By Tom Huggler
Bird hunters are forever optimistic, which is why we have selective memory. It’s easy to forget about the waders that leaked when you come home with a limit of mallards. Even so, a bad-luck trip will stay stuck in your mind for a long time, especially when the misadventure seemed jinxed from the start.
My first pheasant hunting trip to South Dakota 40 years ago was like that. I had never flown a dog anywhere. Arriving with my setter Brinka at the Flint, Michigan, airport, I learned she couldn’t board without a health certificate. So I rushed her to a nearby walk-in vet clinic and got the paperwork. We barely made the flight.
Maybe you, too, have experienced a “what next” foreboding. A quick plane change in Chicago turned into a milk run all the way to Mitchell, South Dakota. Hours later my gun and gear arrived with me, but there was no sign of Brinka—and no other plane due for 24 hours. Losing a day of hunting was a minor setback compared to a missing dog. The money I spent on a motel that night was wasted for lack of sleep.
When Brinka arrived the next day, I figured my bout of sour luck was over. Um, no. The beater station wagon I rented burned as much oil as gas. During the second or third pit stop at a service station, I drove off without my new Bean hunting jacket with the expensive Murphy shooting gloves in the pockets. Someone surely recovered them on I-90 when they blew off the car roof, but it wasn’t me despite retracing the route to Platte.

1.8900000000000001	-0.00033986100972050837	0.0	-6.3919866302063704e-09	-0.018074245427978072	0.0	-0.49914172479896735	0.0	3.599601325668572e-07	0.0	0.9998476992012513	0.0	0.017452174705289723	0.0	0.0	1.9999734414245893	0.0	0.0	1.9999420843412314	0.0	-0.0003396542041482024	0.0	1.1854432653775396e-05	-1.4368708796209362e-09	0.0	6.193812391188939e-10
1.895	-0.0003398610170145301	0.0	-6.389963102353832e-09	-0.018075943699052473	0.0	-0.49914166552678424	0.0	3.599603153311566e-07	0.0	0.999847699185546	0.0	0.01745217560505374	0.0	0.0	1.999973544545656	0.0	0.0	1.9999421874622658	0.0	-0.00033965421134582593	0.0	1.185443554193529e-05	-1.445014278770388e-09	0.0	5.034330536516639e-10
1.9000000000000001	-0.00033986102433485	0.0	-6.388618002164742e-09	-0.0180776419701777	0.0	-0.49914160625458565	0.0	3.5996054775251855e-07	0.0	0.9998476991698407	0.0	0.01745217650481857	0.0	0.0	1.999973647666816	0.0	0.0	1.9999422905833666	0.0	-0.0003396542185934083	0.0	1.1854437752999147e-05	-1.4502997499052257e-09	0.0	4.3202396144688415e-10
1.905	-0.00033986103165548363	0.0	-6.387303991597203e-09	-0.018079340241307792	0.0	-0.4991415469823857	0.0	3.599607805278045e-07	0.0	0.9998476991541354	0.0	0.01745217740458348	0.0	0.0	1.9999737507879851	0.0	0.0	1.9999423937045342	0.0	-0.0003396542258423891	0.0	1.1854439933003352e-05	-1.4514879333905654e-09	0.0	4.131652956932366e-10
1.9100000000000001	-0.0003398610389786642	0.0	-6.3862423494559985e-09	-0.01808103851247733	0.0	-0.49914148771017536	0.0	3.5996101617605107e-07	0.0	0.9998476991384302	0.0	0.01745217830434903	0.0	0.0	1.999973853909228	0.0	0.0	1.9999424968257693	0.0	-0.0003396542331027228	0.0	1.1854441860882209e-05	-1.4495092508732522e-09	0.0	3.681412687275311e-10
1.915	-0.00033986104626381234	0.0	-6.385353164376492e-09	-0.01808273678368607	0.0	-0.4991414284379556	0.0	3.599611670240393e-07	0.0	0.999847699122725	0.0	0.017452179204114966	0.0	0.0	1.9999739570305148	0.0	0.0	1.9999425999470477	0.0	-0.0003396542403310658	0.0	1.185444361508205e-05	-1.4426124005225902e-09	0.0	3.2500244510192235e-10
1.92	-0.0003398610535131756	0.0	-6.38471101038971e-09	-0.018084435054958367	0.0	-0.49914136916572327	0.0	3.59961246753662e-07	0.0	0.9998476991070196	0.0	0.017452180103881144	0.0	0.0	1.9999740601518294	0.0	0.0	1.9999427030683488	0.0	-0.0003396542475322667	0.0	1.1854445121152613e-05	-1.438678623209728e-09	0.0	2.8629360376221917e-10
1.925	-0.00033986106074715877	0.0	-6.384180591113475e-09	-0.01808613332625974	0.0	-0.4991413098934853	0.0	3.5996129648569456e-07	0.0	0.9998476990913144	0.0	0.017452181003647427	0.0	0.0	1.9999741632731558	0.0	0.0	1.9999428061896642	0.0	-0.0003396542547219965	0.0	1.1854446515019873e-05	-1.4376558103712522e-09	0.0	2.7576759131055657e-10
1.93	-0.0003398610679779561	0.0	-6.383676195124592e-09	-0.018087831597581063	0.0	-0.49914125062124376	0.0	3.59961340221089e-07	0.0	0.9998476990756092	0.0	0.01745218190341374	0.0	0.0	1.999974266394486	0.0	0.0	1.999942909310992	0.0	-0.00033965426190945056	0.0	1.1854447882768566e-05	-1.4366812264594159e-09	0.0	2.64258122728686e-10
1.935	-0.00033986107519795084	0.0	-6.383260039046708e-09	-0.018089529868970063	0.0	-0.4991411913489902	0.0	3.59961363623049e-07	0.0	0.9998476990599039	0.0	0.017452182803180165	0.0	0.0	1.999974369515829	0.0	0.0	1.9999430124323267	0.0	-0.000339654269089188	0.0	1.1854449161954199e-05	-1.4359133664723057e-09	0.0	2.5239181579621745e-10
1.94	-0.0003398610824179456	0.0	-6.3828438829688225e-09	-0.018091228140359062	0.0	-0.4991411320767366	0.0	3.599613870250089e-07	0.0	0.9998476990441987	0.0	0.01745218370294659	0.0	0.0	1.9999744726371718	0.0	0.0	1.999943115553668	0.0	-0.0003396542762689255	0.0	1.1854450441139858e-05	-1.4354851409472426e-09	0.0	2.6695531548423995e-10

When I finally arrived, I joined friends who had shot their daily pheasant limits without me.
The next morning was cold and windy, but I knew that if I walked fast, I’d stay warm in a flannel shirt and thin vest (the only other clothing I had). A pent-up Brinka was also eager to go—and go she did, racing down a half-mile strip of narrow cover. Crazed with the blasting odor of more than a hundred pheasants, she busted them far beyond shooting range. I tried to follow her in the car, oil fumes trailing, and found her hours later, thanks to clouds of pheasants erupting from a neighbor’s soybean field.
Incensed, the farmer caught me stepping on his crop as I marched back with a leashed and exhausted Brinka. Thankfully he softened at my explanation and allowed that I might hunt the leftover strips of beans already harvested.
With my renegade dog banished to the car, I remember shooting a limit of pheasants. Sometimes it is darkest before the light.